Coveting Excitement, Entertainment, Drama, & Style. With the advent of television, movies and internet media, there is greater demand for visual, external excitement. To be entertained is “more fun” than reading and studying. So we are constantly working on ways to supply more dazzle, sometimes with a loss of scriptural content. Popular worldly methods are being demanded in religious settings. Our commitment must as Paul expressed: “we preach Christ crucified,” (see 1 Cor. 1:18-2:5).

Ecumenical. The ecumenical spirit is to accept everybody as brothers and sisters, without regard to differing teaching and practice, as “the loving thing.” With only a confession of your faith in Christ accompanied by some involvement in “Evangelical religion”, the ecumenists embrace you with a claim of joint fellowship. “Unity in diversity” is the plea, and the discernment between truth and error required by Scriptures is set aside. Though not in a religious setting, Rodney King’s statement during the LA Riots captures the premise of ecumenical religion: “Why can’t we all just get along?” Of course we can, but how? The desire for unity can only be fulfilled by letting God’s truth be our authority. By our commitment to what God’s Holy Spirit has revealed, we can effectively endeavor “to keep the unity of the Spirit in the bond of peace,” (Eph. 4:3).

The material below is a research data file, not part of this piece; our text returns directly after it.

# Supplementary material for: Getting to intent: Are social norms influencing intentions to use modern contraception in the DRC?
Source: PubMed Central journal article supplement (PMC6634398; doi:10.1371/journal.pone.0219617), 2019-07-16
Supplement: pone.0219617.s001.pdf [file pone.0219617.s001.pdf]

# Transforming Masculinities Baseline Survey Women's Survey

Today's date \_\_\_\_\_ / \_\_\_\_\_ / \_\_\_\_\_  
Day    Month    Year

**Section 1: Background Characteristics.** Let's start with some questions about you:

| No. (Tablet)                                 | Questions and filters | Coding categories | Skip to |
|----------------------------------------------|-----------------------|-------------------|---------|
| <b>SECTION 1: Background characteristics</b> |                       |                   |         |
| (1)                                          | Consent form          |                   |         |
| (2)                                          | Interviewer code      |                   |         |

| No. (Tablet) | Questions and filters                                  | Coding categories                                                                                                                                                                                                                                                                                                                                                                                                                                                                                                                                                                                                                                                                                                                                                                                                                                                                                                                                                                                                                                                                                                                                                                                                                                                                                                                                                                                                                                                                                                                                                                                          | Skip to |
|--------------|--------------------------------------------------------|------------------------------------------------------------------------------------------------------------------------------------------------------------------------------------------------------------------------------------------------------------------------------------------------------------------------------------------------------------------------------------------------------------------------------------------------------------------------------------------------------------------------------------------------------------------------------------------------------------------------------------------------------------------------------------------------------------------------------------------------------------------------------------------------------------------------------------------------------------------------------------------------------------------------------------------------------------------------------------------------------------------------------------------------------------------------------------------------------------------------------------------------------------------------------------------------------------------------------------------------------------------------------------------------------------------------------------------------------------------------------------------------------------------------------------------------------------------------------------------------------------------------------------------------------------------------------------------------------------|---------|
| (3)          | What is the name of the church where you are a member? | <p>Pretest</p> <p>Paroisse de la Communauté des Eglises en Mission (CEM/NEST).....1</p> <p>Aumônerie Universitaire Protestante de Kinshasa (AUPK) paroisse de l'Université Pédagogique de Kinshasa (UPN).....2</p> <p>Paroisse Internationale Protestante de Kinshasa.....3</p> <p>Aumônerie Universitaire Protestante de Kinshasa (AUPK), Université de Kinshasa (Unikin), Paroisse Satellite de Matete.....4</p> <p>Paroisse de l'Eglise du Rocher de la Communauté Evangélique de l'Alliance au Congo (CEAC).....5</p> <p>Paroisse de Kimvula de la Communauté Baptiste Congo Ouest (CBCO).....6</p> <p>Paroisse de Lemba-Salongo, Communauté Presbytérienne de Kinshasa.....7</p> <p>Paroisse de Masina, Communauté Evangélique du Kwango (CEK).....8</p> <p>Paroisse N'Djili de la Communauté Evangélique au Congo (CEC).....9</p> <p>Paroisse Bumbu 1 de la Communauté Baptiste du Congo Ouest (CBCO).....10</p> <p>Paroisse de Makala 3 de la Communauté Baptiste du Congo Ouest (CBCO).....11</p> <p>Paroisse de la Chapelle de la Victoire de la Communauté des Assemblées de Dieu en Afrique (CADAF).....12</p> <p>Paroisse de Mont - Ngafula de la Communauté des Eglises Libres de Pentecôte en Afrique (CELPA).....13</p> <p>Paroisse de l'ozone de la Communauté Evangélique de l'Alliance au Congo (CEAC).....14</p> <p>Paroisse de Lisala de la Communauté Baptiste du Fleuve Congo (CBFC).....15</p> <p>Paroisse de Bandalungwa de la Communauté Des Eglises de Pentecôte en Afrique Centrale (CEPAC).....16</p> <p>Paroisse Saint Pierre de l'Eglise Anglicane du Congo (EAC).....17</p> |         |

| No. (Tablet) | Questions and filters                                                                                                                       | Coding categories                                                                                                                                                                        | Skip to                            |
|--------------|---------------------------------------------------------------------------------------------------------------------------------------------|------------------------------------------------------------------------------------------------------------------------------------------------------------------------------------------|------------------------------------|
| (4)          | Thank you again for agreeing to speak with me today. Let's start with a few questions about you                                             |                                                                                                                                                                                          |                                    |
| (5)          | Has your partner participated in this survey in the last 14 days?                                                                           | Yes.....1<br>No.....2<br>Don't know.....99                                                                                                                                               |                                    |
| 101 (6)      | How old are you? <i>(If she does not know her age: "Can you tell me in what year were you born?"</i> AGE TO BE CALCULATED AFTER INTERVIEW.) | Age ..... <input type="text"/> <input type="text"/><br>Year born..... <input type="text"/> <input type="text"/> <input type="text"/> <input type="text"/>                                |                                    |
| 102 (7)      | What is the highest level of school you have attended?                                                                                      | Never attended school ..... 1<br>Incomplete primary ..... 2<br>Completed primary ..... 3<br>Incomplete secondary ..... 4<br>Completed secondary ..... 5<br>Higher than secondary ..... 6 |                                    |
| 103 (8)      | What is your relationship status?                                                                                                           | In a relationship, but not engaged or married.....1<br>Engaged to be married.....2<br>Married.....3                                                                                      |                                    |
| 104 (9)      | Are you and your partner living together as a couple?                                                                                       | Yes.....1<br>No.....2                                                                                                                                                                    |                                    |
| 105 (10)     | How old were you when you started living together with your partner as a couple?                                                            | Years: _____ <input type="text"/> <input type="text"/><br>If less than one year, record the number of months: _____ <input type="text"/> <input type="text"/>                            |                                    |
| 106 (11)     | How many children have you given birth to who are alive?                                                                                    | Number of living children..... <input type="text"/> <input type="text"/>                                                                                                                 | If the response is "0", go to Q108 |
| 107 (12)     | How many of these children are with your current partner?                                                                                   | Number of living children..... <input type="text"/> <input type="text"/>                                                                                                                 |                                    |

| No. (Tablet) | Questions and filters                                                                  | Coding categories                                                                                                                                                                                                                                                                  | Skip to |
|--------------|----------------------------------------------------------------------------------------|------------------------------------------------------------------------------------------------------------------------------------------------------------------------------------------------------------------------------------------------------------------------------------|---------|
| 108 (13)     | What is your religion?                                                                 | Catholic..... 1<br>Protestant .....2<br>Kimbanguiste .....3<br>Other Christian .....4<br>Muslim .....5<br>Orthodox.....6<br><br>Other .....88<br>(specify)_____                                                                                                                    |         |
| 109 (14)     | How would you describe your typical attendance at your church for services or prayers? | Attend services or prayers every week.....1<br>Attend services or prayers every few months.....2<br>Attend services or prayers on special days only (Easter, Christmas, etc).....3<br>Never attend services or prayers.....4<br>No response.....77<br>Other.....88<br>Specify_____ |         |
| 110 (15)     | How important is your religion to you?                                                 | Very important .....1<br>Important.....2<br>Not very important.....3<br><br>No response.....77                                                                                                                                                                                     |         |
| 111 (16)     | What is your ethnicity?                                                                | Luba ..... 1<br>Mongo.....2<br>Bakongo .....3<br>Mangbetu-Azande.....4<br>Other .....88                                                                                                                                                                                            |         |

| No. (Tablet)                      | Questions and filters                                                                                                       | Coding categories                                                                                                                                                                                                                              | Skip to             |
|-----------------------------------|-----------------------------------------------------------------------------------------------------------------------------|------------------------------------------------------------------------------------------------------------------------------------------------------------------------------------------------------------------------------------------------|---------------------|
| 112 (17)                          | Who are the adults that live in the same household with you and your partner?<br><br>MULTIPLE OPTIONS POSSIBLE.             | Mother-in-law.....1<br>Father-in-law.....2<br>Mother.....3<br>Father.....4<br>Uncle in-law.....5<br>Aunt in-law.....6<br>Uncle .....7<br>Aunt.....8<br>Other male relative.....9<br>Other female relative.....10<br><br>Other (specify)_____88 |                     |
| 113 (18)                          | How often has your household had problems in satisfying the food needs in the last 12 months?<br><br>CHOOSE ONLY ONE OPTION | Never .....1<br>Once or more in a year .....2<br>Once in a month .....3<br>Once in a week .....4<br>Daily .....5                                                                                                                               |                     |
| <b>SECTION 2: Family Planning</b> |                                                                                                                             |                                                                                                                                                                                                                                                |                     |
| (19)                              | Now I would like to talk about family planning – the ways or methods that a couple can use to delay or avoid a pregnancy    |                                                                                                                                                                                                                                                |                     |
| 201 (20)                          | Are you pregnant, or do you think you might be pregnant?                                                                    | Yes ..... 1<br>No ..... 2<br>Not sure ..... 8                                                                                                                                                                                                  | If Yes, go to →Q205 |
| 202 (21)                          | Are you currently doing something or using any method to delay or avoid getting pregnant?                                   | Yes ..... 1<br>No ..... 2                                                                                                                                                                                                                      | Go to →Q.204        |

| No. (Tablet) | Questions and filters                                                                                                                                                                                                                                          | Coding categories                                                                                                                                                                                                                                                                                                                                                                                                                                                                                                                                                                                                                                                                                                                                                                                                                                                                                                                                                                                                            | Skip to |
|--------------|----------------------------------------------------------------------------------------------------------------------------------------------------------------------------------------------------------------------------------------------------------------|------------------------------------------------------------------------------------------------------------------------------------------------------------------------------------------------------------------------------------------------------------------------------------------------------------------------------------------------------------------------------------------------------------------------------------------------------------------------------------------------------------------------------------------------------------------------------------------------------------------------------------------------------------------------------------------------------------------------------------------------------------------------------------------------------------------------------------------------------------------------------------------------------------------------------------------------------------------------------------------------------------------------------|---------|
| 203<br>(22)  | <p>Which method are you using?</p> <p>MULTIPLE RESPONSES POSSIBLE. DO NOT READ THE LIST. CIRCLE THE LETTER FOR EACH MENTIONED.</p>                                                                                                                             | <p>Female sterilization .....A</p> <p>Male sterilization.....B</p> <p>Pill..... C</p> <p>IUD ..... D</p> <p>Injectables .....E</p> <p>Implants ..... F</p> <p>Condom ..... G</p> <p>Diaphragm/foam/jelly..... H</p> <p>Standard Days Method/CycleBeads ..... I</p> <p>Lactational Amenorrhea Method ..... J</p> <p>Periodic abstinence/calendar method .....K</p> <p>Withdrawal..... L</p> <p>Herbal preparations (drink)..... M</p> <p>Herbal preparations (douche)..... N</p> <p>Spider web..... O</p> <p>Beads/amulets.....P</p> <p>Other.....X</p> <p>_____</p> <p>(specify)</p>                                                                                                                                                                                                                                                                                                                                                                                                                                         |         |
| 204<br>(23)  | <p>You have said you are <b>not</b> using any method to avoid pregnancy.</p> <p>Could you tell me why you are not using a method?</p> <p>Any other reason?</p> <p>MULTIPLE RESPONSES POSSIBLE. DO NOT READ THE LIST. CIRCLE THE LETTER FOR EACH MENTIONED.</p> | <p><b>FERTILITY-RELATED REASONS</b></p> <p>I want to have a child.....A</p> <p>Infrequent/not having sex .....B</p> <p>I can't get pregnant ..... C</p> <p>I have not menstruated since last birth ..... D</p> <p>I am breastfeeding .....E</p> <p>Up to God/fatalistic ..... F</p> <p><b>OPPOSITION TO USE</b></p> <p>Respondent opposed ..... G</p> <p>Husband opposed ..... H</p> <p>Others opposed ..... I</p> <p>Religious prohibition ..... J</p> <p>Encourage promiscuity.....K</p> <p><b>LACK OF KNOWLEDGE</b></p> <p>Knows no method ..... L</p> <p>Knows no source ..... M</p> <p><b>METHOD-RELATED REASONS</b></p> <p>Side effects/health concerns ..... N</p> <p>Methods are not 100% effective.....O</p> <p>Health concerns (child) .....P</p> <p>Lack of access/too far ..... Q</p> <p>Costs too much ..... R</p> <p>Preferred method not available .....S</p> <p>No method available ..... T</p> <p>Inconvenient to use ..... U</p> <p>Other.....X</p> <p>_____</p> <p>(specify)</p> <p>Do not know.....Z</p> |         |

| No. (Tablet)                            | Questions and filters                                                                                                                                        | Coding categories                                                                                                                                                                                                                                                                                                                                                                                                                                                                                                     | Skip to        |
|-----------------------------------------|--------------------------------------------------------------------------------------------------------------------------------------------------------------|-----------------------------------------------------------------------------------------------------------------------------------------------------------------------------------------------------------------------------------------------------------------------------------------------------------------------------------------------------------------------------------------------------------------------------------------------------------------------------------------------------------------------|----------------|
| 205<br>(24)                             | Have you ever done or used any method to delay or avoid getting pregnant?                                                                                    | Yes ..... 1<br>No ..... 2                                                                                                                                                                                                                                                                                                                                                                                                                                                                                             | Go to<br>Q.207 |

Informal, Casual. Comfort has been put above reverence in our age. Being casual, relaxed and sporty – it is argued – is of greater significance than being reverent, fitting, appropriately dressed. Society is in a dress-down, casual mode. The danger lies in the message that worship is just like anything else. A change in dress code generally signals a change in attitude. Are we willing to regard worship with a leisure attitude? “Guard your steps as you go to the house of God and draw near to listen rather than to offer the sacrifice of fools; for they do not know they are doing evil,” (Eccl. 5:1).